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From The Canterbury Tales:
The Miller's Prologue and Tale
Modern english adjacent to middle english

About The Canterbury Tales:
Geoffrey Chaucer wrote The Canterbury Tales, a collection of stories in a frame story, between 1387 and 1400. It is the story of a group of thirty people who travel as pilgrims to Canterbury (England). The pilgrims, who come from all layers of society, tell stories to each other to kill time while they travel to Canterbury. He never finished his enormous project and even the completed tales were not finally revised. Scholars are uncertain about the order of the tales. As the printing press had yet to be invented when Chaucer wrote his works, The Canterbury Tales has been passed down in several handwritten manuscripts.

About The Miller's Prologue and Tale:
The travellers have just listened to the Knight's tale and agree on the high standing of the Knight's tale. The Miller offers to tell the next tale and is convinced that he will beat the Knight. The Host suggests that the Miller should wait as he is quite drunk. The Miller replies that he insists on telling his tale about a carpenter. The Reeve, who is a carpenter by trade, urges the Miller not to make jokes about carpenters. The Miller replies he has no intention to insult carpenters in general. Chaucer warns the reader for the Miller's rude language.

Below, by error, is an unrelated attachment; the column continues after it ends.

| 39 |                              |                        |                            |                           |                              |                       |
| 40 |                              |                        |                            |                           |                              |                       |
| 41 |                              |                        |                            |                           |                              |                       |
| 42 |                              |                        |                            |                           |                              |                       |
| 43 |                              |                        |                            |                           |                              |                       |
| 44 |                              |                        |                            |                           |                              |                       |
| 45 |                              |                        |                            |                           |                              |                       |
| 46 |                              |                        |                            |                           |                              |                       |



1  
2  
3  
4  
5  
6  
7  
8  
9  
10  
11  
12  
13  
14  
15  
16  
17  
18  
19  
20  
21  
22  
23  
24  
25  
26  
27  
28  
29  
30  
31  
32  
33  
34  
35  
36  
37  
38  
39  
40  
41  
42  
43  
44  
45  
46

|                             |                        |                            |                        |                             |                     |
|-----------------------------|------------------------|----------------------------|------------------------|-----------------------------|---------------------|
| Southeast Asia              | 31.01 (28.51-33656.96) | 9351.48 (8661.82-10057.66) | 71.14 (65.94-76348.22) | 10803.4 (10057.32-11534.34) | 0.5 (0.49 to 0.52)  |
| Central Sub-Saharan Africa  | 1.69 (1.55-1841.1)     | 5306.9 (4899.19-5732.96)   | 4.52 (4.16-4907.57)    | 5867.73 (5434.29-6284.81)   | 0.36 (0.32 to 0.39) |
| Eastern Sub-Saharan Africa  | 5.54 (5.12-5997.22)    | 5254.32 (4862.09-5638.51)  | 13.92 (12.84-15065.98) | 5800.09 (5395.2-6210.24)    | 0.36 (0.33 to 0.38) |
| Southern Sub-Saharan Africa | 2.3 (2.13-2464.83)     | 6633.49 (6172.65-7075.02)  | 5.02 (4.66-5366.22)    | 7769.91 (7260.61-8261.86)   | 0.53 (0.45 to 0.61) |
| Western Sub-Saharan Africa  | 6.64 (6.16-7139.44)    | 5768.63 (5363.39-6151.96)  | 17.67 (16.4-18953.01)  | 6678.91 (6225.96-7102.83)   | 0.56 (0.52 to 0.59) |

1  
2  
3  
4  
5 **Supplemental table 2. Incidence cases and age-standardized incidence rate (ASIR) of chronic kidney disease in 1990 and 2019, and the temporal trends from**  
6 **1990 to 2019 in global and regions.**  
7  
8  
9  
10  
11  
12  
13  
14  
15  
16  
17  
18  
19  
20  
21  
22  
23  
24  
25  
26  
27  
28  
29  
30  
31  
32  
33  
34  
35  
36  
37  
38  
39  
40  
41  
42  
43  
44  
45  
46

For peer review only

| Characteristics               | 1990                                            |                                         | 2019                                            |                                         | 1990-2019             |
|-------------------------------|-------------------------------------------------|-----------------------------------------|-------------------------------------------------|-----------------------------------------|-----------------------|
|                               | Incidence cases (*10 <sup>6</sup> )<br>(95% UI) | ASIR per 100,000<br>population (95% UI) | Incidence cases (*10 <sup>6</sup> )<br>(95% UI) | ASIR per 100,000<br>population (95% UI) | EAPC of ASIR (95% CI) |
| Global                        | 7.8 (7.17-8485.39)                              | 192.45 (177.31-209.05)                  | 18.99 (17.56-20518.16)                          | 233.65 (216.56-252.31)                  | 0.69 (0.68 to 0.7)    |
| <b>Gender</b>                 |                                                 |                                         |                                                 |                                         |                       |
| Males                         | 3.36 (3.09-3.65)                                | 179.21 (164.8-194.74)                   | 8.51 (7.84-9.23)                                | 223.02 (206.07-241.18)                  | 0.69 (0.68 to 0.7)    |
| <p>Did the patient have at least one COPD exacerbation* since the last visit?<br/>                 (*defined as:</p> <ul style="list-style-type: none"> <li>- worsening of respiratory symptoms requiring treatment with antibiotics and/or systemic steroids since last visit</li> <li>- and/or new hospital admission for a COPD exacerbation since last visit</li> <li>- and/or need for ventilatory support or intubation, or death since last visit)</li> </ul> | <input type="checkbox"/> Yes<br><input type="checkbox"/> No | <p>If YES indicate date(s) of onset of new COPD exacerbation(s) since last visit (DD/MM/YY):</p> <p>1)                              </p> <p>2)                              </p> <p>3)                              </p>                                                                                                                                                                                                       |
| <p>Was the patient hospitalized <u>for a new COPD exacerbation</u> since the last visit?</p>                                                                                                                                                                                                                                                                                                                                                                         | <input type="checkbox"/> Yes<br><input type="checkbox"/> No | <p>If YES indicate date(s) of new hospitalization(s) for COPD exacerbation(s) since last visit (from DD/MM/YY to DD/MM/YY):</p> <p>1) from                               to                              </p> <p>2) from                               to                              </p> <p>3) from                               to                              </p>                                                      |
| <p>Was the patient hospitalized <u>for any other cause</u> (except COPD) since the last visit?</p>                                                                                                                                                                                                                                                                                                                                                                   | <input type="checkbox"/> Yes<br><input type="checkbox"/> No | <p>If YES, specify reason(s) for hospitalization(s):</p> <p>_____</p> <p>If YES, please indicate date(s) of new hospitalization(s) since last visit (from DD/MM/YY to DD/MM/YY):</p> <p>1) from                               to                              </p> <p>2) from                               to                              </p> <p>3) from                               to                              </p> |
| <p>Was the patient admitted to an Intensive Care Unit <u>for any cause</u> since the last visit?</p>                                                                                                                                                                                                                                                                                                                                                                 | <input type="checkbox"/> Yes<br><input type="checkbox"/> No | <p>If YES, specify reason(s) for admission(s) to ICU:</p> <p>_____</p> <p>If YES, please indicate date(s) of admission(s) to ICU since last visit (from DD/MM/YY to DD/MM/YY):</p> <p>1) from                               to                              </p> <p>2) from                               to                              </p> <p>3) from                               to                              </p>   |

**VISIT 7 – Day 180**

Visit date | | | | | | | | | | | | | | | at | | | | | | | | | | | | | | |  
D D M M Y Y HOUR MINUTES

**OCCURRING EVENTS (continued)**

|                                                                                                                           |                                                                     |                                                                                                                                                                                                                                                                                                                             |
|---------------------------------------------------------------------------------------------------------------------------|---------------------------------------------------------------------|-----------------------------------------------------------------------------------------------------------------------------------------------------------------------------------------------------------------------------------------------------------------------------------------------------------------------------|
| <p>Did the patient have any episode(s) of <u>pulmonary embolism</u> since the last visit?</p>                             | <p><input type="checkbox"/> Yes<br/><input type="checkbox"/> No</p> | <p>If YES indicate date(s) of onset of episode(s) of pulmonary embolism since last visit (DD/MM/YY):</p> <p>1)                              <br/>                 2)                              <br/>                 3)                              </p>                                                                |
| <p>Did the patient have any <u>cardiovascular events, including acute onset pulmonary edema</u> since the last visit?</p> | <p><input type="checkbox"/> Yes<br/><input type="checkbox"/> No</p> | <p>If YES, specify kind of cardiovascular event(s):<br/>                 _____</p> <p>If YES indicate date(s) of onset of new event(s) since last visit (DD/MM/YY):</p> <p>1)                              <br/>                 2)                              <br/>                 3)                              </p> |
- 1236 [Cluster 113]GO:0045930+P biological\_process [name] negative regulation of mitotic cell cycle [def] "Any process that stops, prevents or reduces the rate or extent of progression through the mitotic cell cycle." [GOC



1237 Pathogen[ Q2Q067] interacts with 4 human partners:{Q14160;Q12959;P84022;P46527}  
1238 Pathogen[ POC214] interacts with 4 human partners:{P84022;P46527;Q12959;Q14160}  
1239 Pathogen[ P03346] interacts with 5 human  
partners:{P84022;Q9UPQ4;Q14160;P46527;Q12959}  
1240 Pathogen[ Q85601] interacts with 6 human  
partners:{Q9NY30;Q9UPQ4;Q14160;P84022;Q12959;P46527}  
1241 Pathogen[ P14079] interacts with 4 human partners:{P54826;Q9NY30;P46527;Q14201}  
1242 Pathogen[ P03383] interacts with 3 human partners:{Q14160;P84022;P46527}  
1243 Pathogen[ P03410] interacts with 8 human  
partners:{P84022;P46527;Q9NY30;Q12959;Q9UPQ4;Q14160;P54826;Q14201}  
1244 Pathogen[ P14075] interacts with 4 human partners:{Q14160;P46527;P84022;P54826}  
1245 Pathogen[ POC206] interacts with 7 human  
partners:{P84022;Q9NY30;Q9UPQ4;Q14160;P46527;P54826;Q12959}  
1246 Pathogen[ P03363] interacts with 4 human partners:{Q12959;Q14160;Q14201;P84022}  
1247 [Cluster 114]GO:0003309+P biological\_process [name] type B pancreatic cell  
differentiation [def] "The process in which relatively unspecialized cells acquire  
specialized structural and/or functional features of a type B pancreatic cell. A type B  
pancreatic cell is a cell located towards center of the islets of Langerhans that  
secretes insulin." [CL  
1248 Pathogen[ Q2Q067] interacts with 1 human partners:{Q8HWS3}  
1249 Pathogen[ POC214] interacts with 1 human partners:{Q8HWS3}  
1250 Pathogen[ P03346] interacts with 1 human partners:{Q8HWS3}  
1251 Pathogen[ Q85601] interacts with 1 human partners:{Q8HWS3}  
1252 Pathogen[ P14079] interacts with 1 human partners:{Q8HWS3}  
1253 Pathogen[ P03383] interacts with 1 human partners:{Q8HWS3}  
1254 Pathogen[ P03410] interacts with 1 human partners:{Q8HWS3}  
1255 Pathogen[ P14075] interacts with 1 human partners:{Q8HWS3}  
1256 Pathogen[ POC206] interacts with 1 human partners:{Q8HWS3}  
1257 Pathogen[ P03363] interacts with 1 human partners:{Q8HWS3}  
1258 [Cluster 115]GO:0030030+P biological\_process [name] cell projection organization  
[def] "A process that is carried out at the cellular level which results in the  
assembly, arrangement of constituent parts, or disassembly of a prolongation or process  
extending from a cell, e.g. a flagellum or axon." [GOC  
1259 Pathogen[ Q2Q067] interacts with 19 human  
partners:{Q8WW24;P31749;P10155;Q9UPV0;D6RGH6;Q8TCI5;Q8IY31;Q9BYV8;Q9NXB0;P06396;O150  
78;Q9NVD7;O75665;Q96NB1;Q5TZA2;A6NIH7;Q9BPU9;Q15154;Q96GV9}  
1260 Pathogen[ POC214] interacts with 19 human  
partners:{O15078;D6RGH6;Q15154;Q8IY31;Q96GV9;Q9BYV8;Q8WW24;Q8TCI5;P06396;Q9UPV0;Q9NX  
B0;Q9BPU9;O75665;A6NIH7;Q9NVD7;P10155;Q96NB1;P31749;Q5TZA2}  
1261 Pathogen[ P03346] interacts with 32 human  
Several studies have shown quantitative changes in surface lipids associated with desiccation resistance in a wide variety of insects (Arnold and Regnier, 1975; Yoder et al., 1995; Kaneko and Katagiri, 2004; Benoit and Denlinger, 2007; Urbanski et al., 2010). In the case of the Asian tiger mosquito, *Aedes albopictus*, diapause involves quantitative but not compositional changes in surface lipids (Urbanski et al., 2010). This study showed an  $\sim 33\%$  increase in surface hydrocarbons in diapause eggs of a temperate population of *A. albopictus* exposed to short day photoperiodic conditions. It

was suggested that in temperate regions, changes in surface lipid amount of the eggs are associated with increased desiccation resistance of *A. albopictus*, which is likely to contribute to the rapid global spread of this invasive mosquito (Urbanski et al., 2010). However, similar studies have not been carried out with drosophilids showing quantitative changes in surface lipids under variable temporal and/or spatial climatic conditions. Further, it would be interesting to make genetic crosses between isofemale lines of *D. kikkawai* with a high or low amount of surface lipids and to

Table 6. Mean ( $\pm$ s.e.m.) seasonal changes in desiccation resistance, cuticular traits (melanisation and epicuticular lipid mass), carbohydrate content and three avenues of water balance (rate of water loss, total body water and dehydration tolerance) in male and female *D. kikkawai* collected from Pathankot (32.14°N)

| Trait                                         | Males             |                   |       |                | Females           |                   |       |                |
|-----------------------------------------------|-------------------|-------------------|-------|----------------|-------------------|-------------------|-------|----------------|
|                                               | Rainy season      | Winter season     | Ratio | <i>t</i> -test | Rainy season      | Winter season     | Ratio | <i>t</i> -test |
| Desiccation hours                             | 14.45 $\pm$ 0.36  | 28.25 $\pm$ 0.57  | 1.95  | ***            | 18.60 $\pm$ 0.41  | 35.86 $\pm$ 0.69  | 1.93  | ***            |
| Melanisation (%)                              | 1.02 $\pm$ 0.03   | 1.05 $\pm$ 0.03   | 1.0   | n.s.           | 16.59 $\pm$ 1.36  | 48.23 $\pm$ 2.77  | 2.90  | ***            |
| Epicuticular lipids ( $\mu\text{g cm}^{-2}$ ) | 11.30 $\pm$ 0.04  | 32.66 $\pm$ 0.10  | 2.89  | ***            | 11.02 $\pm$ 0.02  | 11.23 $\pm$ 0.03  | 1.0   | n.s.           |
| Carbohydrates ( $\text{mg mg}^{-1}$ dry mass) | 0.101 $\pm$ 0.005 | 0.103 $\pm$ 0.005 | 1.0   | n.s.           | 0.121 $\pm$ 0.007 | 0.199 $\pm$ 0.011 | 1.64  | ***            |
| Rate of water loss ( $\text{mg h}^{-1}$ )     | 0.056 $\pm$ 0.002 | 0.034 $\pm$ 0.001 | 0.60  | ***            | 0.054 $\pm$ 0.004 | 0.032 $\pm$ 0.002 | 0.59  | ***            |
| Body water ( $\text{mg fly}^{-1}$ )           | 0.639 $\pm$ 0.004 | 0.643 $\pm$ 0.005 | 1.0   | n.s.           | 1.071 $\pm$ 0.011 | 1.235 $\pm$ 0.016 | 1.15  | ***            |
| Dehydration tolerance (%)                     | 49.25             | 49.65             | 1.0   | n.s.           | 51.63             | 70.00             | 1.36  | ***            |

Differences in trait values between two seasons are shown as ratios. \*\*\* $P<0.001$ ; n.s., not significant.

The Miller's tale is about an old carpenter who has a young wife and is duped by the suitor of his wife. The suitor is eventually duped by another suitor.

About viewing this part:
This part of Librarius provides middle english and modern english in two adjacent text columns and is best to be viewed full screen. The frame borders are drag-and-drop adjustable to fit the reader's personal convenience. Recommended screen resolution: 1280 x 1024.